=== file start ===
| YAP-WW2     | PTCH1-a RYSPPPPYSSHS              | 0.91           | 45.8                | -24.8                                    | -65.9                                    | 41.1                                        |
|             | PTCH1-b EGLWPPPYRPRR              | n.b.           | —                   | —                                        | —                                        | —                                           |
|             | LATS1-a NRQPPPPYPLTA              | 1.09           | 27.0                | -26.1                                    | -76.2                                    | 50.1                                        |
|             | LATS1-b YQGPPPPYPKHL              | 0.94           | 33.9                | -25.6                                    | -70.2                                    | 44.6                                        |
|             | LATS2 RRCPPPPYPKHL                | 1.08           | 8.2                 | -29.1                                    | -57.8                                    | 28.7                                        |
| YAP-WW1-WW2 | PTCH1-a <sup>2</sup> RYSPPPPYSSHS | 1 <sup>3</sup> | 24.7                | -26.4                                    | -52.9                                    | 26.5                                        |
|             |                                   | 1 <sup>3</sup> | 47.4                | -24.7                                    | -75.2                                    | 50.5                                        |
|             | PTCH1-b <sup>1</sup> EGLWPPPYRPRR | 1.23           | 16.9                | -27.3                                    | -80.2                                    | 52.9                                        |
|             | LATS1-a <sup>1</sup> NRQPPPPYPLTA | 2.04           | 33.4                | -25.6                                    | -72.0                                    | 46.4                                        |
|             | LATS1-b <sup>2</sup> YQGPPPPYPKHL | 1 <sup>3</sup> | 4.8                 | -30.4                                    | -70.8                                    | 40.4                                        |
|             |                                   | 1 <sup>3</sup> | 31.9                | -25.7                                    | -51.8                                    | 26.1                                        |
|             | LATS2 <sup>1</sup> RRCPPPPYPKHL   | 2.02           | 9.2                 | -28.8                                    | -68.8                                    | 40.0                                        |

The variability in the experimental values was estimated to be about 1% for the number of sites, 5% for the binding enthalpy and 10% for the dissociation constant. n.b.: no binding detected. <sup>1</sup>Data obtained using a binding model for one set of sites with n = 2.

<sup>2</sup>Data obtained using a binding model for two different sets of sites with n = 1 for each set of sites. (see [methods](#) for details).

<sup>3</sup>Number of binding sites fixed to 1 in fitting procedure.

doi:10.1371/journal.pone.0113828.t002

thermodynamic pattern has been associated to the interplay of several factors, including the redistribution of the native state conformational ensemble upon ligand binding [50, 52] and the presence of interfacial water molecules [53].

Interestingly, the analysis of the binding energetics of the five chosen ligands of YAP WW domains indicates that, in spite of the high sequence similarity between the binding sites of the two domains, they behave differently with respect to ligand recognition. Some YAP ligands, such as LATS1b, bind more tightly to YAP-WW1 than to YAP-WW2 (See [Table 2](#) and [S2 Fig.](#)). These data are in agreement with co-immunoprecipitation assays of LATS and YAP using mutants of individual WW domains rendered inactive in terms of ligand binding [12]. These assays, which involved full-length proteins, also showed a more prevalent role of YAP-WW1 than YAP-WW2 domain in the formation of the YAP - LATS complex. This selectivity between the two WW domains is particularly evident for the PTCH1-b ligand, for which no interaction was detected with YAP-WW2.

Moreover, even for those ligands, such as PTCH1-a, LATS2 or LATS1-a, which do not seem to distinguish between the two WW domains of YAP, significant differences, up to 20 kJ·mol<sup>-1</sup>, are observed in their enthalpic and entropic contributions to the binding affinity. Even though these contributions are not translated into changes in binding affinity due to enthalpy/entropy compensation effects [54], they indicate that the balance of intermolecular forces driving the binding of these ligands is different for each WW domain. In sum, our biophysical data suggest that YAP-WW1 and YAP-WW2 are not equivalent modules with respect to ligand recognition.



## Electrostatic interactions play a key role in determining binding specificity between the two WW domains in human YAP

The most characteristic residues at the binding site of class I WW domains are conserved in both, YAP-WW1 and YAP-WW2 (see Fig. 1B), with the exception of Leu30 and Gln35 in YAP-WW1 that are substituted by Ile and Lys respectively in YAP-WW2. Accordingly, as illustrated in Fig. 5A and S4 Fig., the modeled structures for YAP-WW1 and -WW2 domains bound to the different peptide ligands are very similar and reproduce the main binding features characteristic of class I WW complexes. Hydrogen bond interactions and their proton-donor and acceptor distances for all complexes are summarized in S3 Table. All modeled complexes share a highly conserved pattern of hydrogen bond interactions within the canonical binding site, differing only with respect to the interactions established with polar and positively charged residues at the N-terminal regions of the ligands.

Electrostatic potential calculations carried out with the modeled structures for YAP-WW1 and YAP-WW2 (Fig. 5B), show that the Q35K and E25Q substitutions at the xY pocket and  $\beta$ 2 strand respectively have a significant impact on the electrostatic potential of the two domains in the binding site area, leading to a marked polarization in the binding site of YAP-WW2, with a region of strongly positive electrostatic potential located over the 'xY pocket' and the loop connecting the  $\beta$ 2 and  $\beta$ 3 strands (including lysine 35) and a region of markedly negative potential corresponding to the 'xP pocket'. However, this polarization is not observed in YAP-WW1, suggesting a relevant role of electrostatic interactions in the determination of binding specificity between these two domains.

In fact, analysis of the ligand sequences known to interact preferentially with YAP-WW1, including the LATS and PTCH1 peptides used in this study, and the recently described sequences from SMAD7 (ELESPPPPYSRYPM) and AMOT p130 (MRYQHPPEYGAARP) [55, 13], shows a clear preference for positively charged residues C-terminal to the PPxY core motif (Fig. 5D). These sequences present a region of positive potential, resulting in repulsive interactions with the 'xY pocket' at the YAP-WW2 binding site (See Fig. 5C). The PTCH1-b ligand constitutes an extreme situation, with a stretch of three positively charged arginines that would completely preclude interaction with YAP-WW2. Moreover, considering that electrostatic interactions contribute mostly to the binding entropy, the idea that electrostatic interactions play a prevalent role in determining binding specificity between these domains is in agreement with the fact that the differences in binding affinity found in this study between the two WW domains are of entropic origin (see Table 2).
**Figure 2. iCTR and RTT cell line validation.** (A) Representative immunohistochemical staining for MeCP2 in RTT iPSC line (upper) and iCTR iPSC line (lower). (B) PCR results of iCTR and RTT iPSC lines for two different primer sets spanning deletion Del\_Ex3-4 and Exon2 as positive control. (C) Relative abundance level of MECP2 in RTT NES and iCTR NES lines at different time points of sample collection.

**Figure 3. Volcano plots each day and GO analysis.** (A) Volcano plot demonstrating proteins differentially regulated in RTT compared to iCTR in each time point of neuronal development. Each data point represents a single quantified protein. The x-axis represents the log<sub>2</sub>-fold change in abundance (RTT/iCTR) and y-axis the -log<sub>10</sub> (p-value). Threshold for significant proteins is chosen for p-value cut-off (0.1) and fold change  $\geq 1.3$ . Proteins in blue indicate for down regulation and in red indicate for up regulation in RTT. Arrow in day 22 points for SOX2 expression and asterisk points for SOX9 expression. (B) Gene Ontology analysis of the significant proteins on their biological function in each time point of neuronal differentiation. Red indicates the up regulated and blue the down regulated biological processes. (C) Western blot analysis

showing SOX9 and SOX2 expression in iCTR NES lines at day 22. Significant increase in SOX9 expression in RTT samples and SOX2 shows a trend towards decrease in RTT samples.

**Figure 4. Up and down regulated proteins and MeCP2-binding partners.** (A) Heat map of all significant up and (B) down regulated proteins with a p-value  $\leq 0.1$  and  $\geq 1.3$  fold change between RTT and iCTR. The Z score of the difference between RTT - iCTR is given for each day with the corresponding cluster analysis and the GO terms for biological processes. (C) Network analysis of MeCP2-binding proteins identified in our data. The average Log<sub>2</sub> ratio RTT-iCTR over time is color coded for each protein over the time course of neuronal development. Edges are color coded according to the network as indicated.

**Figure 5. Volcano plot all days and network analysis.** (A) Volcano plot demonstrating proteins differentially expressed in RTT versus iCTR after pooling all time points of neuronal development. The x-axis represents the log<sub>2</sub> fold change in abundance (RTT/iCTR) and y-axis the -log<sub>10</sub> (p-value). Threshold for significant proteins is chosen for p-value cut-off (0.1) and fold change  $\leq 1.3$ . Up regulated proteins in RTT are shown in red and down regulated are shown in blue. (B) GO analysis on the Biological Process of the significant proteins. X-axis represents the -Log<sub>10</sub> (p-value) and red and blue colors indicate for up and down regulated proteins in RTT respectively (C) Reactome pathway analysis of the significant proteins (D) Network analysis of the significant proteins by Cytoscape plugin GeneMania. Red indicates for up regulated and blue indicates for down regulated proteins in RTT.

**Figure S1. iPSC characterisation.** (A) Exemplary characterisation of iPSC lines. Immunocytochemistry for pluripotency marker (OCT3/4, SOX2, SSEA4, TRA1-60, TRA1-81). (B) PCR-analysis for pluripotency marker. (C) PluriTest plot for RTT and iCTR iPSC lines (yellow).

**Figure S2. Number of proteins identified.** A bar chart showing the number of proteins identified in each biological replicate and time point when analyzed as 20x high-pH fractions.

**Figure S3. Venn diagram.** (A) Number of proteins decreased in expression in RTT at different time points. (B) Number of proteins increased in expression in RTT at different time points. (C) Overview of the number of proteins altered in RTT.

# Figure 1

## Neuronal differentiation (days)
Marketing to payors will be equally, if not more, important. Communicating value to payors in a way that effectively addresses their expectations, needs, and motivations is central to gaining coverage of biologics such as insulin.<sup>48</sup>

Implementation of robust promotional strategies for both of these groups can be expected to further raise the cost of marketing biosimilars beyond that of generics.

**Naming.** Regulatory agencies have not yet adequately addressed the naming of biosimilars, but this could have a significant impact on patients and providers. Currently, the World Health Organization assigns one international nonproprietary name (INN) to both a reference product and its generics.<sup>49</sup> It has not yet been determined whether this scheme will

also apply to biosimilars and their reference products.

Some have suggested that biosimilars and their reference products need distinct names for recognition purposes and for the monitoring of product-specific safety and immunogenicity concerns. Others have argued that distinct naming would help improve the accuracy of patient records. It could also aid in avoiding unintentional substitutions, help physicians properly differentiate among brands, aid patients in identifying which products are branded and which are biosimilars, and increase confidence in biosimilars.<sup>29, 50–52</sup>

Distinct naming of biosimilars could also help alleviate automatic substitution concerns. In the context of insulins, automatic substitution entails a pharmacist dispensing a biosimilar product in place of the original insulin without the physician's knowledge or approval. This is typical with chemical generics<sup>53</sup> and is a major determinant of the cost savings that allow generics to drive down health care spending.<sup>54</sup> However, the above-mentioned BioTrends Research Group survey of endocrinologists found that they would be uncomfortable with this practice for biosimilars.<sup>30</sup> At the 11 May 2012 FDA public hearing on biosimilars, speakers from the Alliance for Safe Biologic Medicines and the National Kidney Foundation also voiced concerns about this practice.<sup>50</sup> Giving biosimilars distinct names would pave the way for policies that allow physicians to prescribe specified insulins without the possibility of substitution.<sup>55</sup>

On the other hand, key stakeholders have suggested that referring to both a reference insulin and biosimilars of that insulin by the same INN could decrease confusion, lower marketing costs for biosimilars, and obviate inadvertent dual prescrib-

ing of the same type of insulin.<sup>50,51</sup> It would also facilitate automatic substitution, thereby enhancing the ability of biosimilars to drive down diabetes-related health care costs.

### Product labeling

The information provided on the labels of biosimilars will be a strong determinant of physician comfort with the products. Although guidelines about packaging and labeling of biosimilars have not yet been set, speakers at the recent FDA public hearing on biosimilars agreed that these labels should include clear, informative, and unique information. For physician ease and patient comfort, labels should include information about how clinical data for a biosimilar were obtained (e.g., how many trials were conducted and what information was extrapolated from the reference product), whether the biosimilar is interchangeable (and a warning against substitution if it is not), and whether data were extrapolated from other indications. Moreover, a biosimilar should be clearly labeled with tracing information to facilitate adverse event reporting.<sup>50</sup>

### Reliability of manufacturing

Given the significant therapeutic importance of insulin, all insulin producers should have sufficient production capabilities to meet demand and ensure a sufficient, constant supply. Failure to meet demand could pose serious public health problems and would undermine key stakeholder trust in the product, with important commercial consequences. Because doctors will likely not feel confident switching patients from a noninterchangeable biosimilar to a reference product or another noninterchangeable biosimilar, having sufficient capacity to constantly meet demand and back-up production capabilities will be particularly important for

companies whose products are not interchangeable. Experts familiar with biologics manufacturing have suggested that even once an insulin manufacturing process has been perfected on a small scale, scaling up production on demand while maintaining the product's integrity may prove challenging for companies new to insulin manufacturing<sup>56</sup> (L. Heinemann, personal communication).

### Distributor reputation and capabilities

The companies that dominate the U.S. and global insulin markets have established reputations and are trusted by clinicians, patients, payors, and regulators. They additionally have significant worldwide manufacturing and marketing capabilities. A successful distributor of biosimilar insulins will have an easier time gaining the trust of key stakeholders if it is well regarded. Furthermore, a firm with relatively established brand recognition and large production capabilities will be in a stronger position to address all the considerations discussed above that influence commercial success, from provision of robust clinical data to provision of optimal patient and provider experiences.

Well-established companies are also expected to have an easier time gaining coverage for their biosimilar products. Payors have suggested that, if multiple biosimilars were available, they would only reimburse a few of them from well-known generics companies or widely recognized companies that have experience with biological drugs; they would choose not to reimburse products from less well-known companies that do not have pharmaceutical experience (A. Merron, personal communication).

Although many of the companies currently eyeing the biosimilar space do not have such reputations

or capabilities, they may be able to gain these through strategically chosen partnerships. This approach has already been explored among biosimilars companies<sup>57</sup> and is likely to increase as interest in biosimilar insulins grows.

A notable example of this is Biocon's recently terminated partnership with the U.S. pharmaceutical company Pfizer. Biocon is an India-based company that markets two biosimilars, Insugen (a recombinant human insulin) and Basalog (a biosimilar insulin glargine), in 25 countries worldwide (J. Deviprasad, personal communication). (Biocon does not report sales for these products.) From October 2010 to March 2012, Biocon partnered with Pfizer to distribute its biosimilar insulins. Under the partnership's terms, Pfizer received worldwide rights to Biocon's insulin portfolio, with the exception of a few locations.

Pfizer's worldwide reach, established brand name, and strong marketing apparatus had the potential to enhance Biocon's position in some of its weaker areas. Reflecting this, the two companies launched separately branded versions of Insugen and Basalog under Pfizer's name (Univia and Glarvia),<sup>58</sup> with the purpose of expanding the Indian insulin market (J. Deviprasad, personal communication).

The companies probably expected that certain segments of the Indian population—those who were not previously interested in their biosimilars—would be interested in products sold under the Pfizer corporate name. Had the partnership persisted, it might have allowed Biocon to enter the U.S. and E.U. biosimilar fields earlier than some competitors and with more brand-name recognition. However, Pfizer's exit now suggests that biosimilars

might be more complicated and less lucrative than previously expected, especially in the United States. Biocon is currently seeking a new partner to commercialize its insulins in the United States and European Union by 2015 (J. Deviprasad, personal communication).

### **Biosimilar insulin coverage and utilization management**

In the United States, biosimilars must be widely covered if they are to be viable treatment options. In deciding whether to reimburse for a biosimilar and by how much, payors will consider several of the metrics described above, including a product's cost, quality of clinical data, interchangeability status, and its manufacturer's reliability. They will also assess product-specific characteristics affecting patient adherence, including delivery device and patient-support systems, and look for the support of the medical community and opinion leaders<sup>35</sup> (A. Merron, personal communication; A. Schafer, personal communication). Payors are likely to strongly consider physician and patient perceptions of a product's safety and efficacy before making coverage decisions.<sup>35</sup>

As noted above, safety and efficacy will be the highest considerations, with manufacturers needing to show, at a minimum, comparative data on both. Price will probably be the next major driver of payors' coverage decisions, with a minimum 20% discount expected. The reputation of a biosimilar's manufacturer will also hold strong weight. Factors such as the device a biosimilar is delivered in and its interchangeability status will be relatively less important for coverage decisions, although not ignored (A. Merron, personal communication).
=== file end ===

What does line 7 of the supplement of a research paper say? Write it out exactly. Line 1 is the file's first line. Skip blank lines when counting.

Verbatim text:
|             |                                   | 1 <sup>3</sup> | 47.4                | -24.7                                    | -75.2                                    | 50.5                                        |